Photo Credit (U Ko Ni’s Facebook Page)
U Ko Ni, a National League for Democracy (NLD) legal adviser, who was also a patron of the recently formed Myanmar Muslim Lawyers Association, was shot and killed at the Yangon airport on January 29 yesterday upon his return from Indonesia, where he was part of a delegation attending a senior leadership meeting in Jakarta. He was waiting at the taxi station at the airport at around 4:30pm when he was shot in the head and killed.
I have always been a sympathizer, adorer and vivid follower of U Ko Ni’s political speeches and statements as his views were innovative, articulate and practically aimed at resolving problems, his assassination news stuck me like a lighting and makes me feel sad and angry, even though it is clear from the outset that there was a possibility that he could be harmed by radical nationalist rightist group or hardliner elements that could not tolerate his clipped and clear way out suggestions in which Burma is now lost, as if being in a labyrinth, and how one could navigate to free itself from the situation it is in.
Apart from that being a Muslim in the ultra-Buddhist-nationalist sea, he was openly vulnerable, although he would have met such a faith have never come to mind until it happened.
I have been following U Ko Ni’s activities, since he came up with a proposal on how to circumvent the 75% approval clause in amendments or rewriting of the constitution, so that it is possible to overcome the hurdles impacted by the Military-drafted Constitution of 2008.
He said in order to circumvent it, a simple majority motion on the need to amendment the constitution should be tabled citing unconstitutionality of the 2008 Constitution, where 50% or more votes could be easily achieved given the NLD majority and ethnic political parties votes that would support such a bill, which the military won’t be able to block.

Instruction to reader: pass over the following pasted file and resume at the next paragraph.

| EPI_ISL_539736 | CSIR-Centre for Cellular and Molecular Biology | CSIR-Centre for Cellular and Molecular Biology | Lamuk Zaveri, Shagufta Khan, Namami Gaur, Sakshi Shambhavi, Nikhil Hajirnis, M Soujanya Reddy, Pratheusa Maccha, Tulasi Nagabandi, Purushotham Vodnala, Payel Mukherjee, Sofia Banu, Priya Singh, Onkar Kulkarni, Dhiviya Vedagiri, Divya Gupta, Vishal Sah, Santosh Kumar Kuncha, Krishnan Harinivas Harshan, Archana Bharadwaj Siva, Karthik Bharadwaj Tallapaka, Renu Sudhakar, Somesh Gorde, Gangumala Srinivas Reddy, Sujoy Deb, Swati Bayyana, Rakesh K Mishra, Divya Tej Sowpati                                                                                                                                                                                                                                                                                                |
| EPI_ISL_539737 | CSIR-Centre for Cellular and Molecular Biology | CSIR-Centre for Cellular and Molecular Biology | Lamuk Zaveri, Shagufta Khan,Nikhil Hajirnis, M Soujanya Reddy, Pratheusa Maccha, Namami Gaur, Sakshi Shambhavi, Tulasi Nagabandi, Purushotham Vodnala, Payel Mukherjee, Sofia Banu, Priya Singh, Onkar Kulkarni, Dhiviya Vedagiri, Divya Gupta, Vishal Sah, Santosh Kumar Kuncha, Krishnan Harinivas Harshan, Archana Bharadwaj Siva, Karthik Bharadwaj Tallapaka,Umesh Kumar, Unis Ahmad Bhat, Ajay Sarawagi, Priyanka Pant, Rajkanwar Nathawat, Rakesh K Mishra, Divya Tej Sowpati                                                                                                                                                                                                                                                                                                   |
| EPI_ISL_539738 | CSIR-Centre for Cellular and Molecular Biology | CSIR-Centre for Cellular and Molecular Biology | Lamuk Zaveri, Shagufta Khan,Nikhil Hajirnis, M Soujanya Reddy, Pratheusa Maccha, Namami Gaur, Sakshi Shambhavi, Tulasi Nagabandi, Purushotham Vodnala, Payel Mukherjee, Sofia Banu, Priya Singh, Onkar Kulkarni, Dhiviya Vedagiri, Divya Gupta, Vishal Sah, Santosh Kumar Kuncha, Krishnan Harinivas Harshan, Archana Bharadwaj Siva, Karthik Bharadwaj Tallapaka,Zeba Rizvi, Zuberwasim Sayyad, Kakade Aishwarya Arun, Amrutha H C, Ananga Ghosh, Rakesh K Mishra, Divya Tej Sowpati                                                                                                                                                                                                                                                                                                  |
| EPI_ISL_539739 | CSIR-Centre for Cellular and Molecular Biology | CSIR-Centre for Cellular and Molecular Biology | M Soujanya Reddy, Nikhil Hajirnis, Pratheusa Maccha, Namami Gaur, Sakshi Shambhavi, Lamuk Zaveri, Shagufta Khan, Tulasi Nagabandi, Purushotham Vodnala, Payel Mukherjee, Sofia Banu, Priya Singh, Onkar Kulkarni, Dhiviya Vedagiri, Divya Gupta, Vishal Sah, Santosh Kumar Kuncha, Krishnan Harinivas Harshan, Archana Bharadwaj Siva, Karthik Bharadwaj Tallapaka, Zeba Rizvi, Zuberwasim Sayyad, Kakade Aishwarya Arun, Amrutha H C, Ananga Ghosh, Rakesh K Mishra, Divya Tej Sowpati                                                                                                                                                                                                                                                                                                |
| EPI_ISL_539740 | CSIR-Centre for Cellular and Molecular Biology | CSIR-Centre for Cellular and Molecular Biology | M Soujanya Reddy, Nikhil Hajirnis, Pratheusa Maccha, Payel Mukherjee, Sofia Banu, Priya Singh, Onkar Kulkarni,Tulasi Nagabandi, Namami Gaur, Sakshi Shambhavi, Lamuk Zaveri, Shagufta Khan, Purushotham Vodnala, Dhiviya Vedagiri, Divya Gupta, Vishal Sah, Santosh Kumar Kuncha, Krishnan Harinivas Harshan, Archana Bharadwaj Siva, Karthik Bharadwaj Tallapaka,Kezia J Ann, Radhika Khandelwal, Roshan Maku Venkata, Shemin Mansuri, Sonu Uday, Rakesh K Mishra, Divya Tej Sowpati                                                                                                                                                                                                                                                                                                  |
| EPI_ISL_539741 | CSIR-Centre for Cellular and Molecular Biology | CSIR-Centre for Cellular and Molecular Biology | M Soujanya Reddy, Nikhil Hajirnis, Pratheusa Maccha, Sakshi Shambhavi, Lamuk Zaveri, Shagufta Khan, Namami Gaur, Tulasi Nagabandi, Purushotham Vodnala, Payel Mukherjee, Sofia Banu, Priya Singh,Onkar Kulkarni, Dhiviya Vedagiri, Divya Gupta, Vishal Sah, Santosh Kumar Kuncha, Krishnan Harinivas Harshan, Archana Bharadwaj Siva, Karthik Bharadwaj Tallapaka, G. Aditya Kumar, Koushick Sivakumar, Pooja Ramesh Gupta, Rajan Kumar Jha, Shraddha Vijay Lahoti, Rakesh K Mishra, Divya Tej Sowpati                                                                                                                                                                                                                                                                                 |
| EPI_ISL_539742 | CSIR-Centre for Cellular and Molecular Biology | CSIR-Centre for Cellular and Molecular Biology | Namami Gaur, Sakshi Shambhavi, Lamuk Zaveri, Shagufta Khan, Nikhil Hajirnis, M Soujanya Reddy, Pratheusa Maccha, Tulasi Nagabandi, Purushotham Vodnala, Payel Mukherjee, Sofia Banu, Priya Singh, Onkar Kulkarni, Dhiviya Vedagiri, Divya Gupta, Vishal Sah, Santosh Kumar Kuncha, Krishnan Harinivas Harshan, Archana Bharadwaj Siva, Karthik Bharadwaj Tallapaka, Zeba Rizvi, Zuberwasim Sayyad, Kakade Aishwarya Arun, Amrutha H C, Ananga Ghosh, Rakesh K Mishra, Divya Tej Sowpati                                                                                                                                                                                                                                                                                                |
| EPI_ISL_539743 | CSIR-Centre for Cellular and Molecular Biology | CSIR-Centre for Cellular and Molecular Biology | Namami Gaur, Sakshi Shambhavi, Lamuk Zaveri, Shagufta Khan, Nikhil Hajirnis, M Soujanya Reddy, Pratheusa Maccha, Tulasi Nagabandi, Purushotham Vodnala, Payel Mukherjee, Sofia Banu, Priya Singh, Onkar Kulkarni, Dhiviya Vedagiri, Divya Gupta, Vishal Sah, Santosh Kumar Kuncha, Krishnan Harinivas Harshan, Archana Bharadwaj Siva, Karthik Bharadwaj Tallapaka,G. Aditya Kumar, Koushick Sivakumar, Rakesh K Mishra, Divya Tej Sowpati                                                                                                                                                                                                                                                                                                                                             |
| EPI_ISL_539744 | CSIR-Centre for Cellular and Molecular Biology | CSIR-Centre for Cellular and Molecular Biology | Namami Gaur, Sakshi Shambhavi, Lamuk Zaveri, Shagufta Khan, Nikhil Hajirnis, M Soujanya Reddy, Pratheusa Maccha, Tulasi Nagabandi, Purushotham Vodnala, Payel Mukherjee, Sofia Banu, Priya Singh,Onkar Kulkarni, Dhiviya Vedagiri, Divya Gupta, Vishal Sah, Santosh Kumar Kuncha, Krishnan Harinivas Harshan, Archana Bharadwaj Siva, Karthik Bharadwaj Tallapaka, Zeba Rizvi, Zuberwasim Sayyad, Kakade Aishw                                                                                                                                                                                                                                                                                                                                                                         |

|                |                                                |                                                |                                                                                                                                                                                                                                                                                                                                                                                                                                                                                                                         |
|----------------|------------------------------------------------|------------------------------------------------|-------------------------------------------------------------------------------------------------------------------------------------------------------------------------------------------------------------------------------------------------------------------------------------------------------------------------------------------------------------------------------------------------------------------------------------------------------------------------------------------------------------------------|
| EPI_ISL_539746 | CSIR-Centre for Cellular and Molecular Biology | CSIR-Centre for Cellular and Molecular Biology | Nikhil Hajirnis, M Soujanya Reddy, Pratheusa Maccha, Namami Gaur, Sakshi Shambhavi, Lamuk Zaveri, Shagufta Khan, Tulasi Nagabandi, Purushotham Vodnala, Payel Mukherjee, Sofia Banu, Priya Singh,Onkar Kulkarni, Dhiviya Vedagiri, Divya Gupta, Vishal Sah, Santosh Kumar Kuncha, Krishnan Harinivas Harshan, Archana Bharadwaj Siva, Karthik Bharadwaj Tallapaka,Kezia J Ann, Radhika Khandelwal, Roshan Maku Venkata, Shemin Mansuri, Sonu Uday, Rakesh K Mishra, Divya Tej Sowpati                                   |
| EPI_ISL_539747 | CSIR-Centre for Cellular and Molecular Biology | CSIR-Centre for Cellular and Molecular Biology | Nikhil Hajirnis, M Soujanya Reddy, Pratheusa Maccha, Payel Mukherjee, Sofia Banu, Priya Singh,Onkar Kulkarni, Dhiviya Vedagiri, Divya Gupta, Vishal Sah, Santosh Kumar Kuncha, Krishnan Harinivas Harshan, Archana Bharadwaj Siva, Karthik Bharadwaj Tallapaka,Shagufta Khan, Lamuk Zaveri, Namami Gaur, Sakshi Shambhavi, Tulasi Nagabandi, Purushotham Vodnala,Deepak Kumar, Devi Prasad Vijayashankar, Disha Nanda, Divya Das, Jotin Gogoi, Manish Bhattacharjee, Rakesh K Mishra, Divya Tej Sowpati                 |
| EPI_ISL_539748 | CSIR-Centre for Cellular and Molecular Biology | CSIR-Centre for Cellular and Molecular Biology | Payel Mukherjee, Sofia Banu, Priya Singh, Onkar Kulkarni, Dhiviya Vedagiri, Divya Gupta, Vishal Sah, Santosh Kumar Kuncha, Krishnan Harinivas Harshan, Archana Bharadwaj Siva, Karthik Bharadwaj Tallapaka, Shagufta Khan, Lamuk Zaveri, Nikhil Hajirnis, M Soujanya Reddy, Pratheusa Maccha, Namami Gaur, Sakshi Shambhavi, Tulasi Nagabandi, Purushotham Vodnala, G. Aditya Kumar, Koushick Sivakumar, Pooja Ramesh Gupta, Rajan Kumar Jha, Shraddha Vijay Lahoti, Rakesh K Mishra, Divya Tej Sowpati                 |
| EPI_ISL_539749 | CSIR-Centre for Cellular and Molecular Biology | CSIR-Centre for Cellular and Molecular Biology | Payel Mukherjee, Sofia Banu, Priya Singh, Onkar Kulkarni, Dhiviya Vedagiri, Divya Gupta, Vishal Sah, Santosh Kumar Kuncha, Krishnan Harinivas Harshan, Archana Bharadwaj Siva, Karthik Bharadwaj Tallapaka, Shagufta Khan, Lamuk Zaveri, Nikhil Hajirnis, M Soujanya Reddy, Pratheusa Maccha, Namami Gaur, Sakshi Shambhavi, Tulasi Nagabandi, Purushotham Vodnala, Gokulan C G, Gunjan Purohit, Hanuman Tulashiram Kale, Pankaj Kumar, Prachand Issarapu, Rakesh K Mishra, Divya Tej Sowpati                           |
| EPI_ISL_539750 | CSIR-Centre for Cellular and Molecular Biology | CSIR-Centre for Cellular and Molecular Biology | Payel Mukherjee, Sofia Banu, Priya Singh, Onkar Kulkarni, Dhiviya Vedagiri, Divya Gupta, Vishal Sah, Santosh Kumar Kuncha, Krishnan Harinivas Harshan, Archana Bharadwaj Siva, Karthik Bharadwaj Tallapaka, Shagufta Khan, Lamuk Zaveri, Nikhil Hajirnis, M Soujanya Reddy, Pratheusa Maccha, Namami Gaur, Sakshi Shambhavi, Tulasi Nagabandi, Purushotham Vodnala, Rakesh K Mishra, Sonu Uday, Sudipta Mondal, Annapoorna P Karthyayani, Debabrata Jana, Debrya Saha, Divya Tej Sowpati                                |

For the time being, even though the NLD now controls the government and both houses of parliament, the military still retains 25 percent of seats, giving it a veto over any change.
Since 2013, U Ko Ni had been airing and lobbying that the 2008 Constitution is not going to lead to democracy or a genuine federalism and rewriting is the only way.
According to SHAN report of 23 September 2013, U Ko Ni, who is a lawyer pointed out, during his speech at the Shan-Kayah-Mon Trust-building for Peace forum held in Taunggyi, whether the 2008 constitution is democratic or not can be determined by answering two following questions:
• The extent of the participation of the people
• To whom power was transferred to
To the first question, his answer was that it was clear the people’s wishes and participation was never taken into consideration:
• The National Convention, held in 1993 to lay down the basic principles of the constitution, was organized by the military with its handpicked delegates
• In 1996, a law was issued threatening people with imprisonment engaging in constitutional discussions outside the National Convention
• During the 2008 referendum, many had chosen not to cast votes while several others voted against the draft. It was nevertheless ratified by the military saying more than 92% had voted in favor.
As for the second question, the constitution says sovereign powers belong to the people. However, it was negated by other articles: